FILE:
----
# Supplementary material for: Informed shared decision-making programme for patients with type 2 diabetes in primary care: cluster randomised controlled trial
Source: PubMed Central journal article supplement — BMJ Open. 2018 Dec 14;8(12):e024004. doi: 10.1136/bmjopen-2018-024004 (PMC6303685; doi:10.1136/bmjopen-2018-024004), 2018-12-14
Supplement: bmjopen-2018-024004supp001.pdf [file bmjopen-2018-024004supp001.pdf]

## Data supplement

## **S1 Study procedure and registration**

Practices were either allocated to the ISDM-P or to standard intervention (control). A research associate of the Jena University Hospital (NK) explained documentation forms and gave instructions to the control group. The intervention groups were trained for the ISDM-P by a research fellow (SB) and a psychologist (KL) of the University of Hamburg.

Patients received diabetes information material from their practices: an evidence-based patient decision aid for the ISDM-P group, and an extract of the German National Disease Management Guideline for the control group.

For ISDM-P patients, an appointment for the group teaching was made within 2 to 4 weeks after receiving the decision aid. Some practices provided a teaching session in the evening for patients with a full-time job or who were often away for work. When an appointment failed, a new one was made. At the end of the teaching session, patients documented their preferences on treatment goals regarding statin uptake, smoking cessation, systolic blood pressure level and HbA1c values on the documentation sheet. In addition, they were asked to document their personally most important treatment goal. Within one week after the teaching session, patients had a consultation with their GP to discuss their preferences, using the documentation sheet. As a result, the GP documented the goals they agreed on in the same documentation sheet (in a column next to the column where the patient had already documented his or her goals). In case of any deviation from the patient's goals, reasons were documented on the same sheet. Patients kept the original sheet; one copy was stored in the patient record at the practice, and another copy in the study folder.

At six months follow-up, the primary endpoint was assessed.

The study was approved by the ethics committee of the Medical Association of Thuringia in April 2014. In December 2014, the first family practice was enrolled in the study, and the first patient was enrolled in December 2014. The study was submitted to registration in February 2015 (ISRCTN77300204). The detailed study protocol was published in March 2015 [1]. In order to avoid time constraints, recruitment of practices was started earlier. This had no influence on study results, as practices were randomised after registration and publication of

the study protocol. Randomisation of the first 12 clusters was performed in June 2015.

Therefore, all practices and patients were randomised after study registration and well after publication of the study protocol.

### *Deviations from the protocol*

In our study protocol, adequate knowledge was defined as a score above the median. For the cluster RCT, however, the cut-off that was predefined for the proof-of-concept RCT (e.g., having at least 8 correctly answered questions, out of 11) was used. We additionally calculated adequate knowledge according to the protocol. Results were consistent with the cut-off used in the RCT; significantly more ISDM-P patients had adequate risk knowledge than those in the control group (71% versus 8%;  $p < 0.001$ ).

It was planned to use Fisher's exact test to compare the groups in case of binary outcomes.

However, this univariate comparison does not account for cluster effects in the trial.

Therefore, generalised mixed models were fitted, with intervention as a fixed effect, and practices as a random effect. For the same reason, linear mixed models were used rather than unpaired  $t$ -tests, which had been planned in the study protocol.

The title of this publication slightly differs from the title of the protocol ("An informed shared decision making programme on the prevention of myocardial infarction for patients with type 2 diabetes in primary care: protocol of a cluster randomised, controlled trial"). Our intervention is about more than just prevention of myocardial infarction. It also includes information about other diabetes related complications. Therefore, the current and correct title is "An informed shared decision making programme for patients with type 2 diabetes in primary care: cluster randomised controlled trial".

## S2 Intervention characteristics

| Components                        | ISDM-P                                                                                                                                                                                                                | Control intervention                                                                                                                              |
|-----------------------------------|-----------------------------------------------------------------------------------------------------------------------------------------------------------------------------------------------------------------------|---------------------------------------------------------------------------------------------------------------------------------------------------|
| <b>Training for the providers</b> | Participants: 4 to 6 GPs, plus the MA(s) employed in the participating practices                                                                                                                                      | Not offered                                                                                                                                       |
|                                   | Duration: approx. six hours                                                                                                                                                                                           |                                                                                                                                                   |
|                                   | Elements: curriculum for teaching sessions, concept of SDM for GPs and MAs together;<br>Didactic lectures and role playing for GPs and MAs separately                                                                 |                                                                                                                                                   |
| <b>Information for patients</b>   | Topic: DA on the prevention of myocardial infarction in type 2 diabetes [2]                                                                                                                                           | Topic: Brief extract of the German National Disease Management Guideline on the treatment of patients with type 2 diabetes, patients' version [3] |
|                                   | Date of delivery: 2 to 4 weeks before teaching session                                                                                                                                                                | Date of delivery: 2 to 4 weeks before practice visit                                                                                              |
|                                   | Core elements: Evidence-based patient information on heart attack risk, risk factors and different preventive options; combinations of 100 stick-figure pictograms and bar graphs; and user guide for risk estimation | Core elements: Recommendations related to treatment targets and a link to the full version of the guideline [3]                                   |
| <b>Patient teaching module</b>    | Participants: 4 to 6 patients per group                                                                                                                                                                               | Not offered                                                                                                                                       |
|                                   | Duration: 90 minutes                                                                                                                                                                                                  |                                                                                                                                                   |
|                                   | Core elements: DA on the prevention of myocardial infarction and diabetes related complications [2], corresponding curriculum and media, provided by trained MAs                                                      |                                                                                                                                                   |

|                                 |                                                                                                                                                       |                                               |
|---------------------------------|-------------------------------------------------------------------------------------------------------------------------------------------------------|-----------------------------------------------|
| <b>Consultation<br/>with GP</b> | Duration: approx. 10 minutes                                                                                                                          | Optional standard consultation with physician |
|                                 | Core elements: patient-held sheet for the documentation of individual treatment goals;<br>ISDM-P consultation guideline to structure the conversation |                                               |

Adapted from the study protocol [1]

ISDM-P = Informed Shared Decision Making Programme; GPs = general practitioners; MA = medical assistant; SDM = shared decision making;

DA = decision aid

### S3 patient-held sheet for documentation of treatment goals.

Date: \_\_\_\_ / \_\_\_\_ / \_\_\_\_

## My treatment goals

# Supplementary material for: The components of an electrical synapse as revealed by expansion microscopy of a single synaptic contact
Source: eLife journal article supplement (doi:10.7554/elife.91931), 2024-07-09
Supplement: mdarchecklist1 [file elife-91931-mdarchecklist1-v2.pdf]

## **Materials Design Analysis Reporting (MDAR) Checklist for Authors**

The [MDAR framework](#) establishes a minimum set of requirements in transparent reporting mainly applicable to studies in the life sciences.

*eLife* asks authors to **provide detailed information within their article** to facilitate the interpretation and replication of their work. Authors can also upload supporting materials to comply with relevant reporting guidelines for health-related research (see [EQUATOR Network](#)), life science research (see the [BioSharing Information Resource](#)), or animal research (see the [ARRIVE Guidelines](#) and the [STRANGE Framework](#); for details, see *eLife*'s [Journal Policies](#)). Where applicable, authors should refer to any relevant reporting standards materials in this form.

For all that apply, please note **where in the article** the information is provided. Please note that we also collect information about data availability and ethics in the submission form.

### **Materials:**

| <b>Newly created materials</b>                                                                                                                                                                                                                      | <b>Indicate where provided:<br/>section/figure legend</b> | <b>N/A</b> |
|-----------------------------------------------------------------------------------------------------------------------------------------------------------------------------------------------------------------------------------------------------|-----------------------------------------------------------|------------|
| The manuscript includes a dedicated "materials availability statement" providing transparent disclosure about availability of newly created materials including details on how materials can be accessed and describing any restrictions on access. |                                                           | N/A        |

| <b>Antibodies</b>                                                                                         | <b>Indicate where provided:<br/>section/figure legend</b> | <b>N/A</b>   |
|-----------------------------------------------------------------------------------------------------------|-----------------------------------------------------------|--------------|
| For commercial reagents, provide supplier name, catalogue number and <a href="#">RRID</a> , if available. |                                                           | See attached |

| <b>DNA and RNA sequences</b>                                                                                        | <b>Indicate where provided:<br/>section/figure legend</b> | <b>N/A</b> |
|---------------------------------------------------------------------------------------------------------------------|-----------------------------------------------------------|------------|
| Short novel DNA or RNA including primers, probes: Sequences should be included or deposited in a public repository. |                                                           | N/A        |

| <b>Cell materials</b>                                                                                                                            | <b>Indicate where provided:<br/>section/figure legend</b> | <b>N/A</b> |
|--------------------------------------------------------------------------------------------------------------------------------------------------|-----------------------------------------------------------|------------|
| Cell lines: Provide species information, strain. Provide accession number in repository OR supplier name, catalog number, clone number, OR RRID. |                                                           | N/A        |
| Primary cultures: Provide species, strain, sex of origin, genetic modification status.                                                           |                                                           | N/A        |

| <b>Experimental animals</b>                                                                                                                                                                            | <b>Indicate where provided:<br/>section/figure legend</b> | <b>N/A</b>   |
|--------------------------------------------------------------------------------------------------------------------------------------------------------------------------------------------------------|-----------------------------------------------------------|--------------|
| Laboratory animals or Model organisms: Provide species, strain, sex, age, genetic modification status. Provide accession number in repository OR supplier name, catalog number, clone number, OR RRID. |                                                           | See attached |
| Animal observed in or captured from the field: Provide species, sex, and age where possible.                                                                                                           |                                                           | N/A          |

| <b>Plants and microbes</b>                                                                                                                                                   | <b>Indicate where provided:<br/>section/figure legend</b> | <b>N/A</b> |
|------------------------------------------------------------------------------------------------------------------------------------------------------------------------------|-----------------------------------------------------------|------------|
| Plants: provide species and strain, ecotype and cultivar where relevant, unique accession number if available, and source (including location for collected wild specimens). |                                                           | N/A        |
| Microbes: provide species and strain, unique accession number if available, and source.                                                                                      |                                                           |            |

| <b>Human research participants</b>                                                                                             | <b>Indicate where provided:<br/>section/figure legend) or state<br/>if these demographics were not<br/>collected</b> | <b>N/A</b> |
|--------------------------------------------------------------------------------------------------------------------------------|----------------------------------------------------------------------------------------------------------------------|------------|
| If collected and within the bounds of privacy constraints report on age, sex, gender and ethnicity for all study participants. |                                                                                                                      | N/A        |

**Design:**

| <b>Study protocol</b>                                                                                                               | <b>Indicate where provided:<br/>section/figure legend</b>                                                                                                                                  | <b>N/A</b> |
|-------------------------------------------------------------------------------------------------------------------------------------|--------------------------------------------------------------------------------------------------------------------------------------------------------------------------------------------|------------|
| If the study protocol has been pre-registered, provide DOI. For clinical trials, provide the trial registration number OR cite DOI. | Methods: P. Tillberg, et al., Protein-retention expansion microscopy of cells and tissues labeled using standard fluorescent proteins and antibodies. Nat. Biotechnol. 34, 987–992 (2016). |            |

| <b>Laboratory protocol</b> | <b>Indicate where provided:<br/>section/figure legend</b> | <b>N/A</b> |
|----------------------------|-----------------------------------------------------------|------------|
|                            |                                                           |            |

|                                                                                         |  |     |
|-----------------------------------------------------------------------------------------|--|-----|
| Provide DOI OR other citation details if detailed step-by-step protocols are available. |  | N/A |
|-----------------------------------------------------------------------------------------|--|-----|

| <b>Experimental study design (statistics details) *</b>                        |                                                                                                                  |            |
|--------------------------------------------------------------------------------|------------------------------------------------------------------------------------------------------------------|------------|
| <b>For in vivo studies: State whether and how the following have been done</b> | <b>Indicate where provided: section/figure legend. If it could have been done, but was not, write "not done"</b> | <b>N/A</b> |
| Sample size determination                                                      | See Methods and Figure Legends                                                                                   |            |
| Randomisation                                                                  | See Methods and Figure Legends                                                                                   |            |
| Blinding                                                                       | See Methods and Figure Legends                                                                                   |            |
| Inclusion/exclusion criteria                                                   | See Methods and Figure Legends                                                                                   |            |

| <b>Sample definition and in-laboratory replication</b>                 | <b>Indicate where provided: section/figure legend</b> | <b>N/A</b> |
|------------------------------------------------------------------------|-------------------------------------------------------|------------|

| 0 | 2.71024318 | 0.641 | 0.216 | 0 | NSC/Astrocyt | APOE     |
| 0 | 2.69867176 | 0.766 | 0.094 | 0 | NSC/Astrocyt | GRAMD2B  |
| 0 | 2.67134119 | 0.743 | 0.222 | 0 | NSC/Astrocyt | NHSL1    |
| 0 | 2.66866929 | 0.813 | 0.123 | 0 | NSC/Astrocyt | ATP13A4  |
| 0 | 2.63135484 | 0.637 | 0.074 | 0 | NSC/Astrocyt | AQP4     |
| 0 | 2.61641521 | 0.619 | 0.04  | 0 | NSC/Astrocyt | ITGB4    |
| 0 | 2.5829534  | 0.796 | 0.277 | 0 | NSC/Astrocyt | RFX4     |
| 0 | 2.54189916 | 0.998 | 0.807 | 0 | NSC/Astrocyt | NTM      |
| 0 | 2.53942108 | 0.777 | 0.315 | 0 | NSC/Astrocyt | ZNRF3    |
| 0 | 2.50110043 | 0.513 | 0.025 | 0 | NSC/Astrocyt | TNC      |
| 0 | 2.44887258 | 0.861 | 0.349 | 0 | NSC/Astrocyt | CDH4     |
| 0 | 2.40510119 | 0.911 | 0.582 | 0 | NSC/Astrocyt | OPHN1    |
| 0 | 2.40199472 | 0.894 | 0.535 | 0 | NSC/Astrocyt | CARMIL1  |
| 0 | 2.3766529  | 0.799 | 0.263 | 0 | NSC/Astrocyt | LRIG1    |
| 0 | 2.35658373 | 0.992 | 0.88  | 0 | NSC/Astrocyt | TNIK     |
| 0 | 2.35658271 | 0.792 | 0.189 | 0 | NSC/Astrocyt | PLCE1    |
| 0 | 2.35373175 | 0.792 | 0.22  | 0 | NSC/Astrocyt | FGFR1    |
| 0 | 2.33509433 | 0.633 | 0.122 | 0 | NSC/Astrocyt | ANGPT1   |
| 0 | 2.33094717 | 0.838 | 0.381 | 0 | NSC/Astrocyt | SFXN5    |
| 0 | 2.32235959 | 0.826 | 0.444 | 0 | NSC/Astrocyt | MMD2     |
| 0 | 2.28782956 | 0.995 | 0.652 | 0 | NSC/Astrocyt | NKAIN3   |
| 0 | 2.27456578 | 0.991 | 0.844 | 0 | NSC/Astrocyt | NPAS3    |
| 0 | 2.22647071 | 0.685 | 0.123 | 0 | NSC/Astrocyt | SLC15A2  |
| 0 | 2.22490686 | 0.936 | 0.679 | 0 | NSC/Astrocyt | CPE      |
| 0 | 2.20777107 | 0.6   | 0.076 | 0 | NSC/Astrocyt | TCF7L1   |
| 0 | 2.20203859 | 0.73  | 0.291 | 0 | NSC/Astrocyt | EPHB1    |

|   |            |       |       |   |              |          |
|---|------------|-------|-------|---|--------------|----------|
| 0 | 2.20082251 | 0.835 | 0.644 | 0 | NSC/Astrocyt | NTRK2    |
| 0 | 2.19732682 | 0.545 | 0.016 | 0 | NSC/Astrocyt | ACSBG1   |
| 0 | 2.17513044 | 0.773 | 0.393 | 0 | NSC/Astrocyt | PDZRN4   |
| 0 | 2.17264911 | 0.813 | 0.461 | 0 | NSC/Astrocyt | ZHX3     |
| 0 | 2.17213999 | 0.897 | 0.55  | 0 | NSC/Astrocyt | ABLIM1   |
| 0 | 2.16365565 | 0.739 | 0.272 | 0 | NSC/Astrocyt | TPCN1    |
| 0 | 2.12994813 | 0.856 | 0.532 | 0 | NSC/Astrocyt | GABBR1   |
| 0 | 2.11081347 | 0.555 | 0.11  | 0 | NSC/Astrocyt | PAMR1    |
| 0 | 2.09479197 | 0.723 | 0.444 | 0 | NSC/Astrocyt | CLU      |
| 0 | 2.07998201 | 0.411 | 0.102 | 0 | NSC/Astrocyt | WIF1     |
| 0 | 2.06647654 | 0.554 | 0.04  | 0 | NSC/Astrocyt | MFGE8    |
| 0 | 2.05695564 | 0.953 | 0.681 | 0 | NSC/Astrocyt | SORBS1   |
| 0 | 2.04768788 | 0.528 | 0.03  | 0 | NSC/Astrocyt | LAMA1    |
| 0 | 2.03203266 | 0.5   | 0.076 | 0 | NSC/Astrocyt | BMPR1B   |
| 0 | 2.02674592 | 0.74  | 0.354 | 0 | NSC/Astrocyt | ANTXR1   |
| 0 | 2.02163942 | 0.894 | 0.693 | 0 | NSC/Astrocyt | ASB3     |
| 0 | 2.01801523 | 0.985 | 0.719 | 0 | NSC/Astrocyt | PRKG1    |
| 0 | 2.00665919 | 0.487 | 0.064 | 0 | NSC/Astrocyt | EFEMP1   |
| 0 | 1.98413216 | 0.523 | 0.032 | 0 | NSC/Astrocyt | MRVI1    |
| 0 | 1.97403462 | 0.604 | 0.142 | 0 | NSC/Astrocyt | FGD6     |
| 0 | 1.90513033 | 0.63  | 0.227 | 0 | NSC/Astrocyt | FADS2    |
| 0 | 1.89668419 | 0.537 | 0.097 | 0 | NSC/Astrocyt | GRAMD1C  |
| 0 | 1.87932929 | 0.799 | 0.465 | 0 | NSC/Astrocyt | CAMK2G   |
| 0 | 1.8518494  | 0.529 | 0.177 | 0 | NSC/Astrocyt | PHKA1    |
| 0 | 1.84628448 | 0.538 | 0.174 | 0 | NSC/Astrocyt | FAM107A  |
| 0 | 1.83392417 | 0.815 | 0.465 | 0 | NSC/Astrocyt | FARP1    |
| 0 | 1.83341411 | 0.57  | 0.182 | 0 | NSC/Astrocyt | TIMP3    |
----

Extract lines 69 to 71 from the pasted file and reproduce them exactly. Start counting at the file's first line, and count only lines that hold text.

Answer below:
| Microbes: provide species and strain, unique accession number if available, and source.                                                                                      |                                                           |            |

| <b>Human research participants</b>                                                                                             | <b>Indicate where provided:<br/>section/figure legend) or state<br/>if these demographics were not<br/>collected</b> | <b>N/A</b> |
|--------------------------------------------------------------------------------------------------------------------------------|----------------------------------------------------------------------------------------------------------------------|------------|